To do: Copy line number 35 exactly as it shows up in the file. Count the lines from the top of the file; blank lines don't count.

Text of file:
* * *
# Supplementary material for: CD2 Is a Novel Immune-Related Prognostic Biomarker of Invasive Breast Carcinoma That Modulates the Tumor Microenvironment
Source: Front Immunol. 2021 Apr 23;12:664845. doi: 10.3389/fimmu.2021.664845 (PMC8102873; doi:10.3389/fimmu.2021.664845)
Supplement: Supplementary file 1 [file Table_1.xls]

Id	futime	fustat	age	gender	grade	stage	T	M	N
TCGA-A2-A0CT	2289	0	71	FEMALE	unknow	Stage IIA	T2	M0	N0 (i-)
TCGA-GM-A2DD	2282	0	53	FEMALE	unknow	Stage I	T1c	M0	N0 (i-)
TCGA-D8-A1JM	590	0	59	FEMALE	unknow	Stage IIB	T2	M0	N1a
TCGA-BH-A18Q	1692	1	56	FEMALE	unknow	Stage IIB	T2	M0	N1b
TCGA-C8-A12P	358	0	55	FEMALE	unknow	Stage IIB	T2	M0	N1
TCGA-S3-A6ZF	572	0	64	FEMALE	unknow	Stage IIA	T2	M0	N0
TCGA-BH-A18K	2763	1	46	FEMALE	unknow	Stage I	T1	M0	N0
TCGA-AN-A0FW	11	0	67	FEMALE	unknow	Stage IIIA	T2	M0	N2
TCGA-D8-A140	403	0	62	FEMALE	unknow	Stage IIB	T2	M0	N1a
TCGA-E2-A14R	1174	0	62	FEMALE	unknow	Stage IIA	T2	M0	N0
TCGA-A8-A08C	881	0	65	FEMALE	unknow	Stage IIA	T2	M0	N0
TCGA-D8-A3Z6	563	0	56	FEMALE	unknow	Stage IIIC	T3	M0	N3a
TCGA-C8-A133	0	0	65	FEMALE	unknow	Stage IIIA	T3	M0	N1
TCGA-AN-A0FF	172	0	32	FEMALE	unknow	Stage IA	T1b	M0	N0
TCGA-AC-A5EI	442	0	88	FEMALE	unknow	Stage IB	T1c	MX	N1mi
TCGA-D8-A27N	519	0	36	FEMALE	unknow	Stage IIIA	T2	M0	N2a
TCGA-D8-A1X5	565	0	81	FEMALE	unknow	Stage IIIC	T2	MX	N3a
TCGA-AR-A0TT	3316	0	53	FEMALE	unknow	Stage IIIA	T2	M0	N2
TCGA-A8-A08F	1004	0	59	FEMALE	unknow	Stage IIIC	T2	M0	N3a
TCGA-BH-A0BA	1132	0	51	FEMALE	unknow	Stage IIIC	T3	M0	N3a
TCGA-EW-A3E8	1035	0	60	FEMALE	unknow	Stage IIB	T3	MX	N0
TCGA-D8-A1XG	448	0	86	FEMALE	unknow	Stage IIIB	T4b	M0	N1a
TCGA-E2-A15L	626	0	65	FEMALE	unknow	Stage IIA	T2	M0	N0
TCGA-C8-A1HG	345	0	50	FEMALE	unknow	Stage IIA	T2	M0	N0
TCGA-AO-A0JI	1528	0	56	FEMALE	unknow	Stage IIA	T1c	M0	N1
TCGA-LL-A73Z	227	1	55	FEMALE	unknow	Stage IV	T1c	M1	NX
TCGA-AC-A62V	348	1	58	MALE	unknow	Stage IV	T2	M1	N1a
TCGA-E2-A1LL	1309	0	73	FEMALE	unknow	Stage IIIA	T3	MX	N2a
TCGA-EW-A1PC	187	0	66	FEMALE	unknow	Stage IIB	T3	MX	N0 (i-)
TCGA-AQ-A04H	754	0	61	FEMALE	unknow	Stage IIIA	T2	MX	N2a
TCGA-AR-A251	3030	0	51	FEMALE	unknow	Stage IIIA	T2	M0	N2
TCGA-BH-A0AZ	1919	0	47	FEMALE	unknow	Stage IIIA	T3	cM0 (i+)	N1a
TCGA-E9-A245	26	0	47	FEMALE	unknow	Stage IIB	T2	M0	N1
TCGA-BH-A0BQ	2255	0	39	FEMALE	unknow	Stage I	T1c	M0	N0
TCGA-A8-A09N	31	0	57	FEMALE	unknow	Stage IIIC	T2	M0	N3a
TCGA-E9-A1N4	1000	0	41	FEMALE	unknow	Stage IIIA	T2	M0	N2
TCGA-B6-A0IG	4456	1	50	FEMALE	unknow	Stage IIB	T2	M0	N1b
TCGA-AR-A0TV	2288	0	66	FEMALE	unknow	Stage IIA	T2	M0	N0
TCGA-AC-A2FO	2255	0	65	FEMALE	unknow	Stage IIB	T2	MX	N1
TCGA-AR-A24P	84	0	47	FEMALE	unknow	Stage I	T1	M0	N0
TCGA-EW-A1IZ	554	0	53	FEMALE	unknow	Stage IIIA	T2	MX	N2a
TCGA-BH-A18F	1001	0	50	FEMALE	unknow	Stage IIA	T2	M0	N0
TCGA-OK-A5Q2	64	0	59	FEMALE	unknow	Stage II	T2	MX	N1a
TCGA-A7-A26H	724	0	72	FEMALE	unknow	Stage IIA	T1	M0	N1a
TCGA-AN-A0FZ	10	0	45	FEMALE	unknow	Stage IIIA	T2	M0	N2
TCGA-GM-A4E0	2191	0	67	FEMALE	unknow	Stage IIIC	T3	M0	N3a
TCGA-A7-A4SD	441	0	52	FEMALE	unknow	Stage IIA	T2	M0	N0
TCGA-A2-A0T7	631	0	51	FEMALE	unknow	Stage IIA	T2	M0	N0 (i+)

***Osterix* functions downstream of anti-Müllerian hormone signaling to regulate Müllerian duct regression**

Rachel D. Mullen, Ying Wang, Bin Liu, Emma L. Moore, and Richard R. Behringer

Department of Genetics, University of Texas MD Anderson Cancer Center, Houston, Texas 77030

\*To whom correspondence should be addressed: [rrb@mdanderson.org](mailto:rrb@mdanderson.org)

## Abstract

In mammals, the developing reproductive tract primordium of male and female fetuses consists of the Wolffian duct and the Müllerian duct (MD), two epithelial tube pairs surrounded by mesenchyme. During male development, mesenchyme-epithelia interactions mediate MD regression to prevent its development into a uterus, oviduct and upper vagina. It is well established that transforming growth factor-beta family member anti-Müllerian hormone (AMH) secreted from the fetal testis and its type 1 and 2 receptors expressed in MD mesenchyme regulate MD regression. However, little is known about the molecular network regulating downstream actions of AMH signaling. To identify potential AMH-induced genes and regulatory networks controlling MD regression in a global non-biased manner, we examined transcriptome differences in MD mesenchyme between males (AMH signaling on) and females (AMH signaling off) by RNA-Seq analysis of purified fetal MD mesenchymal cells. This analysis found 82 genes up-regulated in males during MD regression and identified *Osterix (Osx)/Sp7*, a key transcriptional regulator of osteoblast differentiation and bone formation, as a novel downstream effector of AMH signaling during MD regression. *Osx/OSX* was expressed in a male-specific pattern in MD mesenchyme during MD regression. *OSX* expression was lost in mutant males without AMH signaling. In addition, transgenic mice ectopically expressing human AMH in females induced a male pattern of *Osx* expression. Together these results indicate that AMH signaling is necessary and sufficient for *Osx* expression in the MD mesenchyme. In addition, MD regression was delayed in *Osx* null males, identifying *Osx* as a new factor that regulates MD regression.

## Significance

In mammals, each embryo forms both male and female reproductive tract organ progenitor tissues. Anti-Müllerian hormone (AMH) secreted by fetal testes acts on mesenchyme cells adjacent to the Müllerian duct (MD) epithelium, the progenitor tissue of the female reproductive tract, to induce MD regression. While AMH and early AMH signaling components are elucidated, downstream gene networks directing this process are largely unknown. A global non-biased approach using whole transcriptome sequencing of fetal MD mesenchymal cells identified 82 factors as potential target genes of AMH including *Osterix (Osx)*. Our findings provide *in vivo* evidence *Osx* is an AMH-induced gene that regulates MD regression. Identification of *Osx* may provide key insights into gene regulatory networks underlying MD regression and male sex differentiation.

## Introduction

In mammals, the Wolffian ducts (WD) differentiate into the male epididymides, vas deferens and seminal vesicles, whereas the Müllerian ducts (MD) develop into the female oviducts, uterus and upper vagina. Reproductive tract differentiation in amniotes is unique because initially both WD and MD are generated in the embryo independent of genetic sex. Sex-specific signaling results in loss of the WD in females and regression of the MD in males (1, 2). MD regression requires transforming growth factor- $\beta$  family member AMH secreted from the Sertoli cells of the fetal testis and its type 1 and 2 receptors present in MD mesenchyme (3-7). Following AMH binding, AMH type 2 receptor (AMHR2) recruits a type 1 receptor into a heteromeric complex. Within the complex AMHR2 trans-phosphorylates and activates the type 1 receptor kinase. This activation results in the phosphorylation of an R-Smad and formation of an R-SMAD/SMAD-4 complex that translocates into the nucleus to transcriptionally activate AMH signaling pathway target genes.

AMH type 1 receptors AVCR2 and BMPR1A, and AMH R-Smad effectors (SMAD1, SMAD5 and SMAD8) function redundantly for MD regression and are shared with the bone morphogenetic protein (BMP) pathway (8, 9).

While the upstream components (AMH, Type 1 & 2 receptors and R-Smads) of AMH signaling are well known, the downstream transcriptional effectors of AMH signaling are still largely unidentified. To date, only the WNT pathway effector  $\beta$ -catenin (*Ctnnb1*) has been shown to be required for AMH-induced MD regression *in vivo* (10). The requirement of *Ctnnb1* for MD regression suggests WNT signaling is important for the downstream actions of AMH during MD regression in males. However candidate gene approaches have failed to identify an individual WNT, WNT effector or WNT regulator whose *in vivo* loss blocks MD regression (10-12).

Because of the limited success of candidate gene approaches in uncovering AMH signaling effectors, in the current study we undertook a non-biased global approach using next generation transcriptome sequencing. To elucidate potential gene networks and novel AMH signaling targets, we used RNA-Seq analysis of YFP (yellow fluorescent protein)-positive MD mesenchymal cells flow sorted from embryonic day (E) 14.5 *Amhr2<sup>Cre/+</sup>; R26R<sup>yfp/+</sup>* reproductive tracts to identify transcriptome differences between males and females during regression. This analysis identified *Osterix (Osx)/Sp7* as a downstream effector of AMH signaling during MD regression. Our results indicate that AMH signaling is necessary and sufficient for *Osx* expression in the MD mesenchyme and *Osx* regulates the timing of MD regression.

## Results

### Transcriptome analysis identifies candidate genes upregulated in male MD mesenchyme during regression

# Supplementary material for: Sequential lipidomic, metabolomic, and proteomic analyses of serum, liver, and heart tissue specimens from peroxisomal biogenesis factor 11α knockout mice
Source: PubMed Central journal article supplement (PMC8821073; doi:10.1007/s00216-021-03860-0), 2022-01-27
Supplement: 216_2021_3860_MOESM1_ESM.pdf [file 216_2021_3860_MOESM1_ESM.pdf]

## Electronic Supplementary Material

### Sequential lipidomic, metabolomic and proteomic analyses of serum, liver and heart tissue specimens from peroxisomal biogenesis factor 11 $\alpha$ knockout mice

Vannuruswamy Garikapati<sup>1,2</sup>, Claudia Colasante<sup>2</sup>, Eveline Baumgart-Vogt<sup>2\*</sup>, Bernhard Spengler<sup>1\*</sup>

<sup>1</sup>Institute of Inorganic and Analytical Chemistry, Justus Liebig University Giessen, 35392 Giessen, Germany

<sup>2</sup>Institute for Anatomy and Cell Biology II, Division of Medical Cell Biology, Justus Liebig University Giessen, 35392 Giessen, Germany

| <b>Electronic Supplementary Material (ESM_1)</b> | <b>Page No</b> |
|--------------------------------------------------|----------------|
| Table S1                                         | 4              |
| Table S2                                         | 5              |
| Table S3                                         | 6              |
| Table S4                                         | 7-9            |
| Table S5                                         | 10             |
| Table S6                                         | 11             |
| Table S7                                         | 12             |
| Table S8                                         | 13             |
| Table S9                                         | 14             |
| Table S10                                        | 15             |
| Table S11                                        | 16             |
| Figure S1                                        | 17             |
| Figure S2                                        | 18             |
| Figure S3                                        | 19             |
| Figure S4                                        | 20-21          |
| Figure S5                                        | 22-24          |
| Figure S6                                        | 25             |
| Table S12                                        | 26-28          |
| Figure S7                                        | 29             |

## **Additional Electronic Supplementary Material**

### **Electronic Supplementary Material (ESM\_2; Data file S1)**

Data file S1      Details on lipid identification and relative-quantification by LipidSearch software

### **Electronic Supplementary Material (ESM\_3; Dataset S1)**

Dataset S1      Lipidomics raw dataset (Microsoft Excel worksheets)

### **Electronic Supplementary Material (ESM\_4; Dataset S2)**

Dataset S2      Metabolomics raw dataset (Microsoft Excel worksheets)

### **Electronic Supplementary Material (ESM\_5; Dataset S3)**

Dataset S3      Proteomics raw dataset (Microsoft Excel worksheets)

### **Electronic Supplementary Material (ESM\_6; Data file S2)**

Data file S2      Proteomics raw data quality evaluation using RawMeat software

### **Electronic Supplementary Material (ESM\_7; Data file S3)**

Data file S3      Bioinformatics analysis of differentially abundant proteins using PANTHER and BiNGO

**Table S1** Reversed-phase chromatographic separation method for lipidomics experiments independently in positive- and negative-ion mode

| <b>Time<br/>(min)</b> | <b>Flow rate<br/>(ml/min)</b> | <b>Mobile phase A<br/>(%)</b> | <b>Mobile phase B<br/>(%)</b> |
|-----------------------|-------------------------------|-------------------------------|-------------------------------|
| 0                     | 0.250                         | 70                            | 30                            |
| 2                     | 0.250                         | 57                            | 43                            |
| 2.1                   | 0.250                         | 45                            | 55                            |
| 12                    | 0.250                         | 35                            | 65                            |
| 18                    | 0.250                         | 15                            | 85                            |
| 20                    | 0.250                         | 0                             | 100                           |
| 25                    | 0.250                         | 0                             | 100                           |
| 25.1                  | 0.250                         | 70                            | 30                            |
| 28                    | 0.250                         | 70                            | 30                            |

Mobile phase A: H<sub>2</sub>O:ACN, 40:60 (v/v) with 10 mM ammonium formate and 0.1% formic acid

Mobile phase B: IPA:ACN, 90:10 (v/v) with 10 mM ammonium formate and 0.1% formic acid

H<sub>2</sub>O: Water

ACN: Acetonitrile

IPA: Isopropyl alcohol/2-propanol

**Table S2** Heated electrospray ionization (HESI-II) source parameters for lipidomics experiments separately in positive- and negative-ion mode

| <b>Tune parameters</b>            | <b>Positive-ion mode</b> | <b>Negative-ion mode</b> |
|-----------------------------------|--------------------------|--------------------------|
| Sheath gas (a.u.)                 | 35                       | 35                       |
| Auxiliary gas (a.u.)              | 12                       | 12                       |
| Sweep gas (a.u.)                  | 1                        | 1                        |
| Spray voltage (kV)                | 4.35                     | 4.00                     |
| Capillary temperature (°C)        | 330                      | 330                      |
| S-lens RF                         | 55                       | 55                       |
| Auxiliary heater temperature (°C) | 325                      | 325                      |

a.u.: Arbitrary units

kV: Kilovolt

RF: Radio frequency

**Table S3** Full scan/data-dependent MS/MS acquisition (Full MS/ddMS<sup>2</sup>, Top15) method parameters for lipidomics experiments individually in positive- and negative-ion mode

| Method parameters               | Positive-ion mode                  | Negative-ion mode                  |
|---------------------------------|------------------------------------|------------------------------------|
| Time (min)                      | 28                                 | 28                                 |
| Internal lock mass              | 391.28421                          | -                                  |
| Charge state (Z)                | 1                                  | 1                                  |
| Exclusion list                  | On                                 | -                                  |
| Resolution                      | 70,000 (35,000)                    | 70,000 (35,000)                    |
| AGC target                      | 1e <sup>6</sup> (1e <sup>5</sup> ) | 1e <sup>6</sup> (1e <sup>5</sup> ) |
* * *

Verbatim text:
TCGA-AR-A251	3030	0	51	FEMALE	unknow	Stage IIIA	T2	M0	N2